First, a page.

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The Violence in Palestine Isn’t ‘Clashes’ – It’s Colonialism

The media continues to treat Israelis and Palestinians as equal participants in a conflict, but events in Sheikh Jarrah expose the reality – what we're seeing is a battle between coloniser and colonised.

The past few weeks have seen settler colonialism in action as a Jerusalem District Court ruling demanded the expulsion of a number of Palestinian families from their homes in the neighbourhood of Sheikh Jarrah in occupied East Jerusalem. These same Palestinians, displaced from Yafa and Haifa in 1956 under a Jordanian mandate, were set to be forcefully removed from their homes by settlers with the enforcement of the Israeli police force, although the higher ruling on the expulsions has now been delayed. Naturally, this sparked outrage and led to many families and locals mobilising to protest yet another step towards the annexation of East Jerusalem.

A stone’s throw away, in Al-Aqsa Mosque, worshippers attending night prayers in the holy month of Ramadan were met with sound bombs and tear gas deployed by armed soldiers. The violence has now escalated to rocket fire from Hamas and Israel’s airstrikes. So far, these incidents have resulted in the death of twenty-four Palestinians, including nine children, and hundreds injured, according to Gaza’s Ministry of Health.

Many mainstream news outlets have phrased these recent events as a ‘clash’ or a ‘conflict’ over ‘evictions’, headlining words that contribute to a linguistic environment known far too well. These words are successful in one thing: the whitewashing and downplaying of a neo-colonialist ethno-state, making the continued oppression of Palestinians and denial of their human rights an international normality.

The normalisation of colonialism begins where it has always begun: in language. These language choices, be they irresponsible or just ignorant, reinforce the notion that this is a conflict in which both sides have the means to be equally as violent towards the other. But the fact of the matter is that Israel is one of the most militarised occupying nations in the world, backed with billions of dollars and weapons from the USA. The power dynamic that Western society at large believes to be in existence simply does not exist, and the lack of understanding is a consequence of decades’ worth of conflating anti-Zionism with antisemitism, which deflects the conversation away from the ethnic cleansing of Palestine.

The mainstream media is habitually attached to diverting almost every conversation about the death of Palestinians towards Hamas and its rockets. The morning of 11 May saw the Head of Palestinian Mission to the UK, Husam Zomlot, on Newsnight having to explain that the reactionary measures of the group, which was initially financed by Israel in its desperation to counter the secularists in the Palestinian Liberation Organisation, should not outweigh the human rights violations that occur on a daily basis and result in a growing death toll. Palestine does not find itself in a power vacuum suddenly governed by Hamas: it is an intentionally destabilised region, much of which functions as an open-air prison for Israel to control.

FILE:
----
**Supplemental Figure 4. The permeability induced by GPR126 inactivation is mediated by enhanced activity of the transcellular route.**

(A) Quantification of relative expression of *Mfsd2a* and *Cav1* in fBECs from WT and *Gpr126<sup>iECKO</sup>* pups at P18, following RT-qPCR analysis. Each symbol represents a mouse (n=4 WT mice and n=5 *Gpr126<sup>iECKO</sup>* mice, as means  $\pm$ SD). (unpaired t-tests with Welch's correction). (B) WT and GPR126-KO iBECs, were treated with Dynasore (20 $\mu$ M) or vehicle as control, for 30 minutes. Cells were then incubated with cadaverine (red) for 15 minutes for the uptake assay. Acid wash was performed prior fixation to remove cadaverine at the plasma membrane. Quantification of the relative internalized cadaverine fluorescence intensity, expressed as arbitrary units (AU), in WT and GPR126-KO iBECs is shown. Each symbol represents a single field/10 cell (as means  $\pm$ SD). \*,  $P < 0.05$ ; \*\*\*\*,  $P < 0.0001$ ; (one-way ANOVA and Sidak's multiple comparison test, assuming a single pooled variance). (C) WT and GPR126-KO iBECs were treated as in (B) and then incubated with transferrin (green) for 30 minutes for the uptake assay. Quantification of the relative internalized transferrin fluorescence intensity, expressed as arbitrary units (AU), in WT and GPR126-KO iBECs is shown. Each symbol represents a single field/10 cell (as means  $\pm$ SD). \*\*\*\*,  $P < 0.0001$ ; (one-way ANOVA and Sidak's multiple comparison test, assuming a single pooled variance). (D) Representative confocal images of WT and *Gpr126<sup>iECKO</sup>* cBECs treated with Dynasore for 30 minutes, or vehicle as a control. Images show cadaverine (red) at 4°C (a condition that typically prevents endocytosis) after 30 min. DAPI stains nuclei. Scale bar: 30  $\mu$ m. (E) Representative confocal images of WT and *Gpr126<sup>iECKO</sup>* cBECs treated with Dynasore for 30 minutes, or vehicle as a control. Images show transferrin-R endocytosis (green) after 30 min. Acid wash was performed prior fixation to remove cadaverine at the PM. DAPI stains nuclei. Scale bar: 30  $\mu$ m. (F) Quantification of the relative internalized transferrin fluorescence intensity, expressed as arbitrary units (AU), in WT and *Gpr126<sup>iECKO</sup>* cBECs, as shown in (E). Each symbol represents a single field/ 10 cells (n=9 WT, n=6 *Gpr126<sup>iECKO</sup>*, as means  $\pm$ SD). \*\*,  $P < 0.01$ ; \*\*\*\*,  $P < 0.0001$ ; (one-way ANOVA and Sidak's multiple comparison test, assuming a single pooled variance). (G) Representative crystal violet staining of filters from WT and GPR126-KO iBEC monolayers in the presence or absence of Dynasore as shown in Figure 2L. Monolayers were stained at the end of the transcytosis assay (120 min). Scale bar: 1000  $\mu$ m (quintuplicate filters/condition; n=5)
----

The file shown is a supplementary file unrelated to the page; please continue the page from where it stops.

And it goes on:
This repetitive line of questioning leans into gaslighting, whether intentional or otherwise, and the widespread refusal to acknowledge that Israel’s criminal actions are part of how the occupation has metastasized into a paradox: in one instance, these ‘clashes’ are reported in a sensationalist frenzy; in another, the death of Palestinians is a regular and mundane occurrence.

Left politics in the UK is currently lacking in a strong stance against the apartheid regime. Days after Jeremy Corbyn implored President Biden to apply ‘enormous pressure and influence on the Israeli government’, Keir Starmer, the current Labour leader, tweeted a lukewarm acknowledgement of the violence. Starmer’s request for the Israeli government to ‘work with Palestinian leaders to de-escalate tensions’ conforms to the perception that the Israeli government wants to work with Palestinian leaders — but only a year ago, Netanyahu proclaimed, ‘We are the ones dictating security rules… They will remain Palestinian subjects.’

The consequence of this linguistic wrangling is that Israel’s annexation of Palestinian land, which breaks international law, becomes palatable. Palestinians have attempted to combat this suppression via social media with videos and hashtags, such as #SaveSheikhJarrah, documenting the graphic brutality unfolding around them. But many have been met with censorship: some posts were hidden, and others were deleted. The silencing of dissent through the digital sphere is yet another dangerous form of systemic control, negating freedom of speech and limiting the freedom of the press.

Israel’s actions centre around a dogma with which neo-colonialists can all align themselves. When it commits its crimes, the refusal to see illegality and inhumanity in its ongoing occupation of Palestine becomes the standard. The coloniser has been the protagonist in our media discourse for so long that the words write themselves. The ethnic cleansing of Palestine is sinister in all its forms, but the manipulation of language to turn a people whose dignity and humanity has been stripped for over 70 years into villains is particularly abhorrent.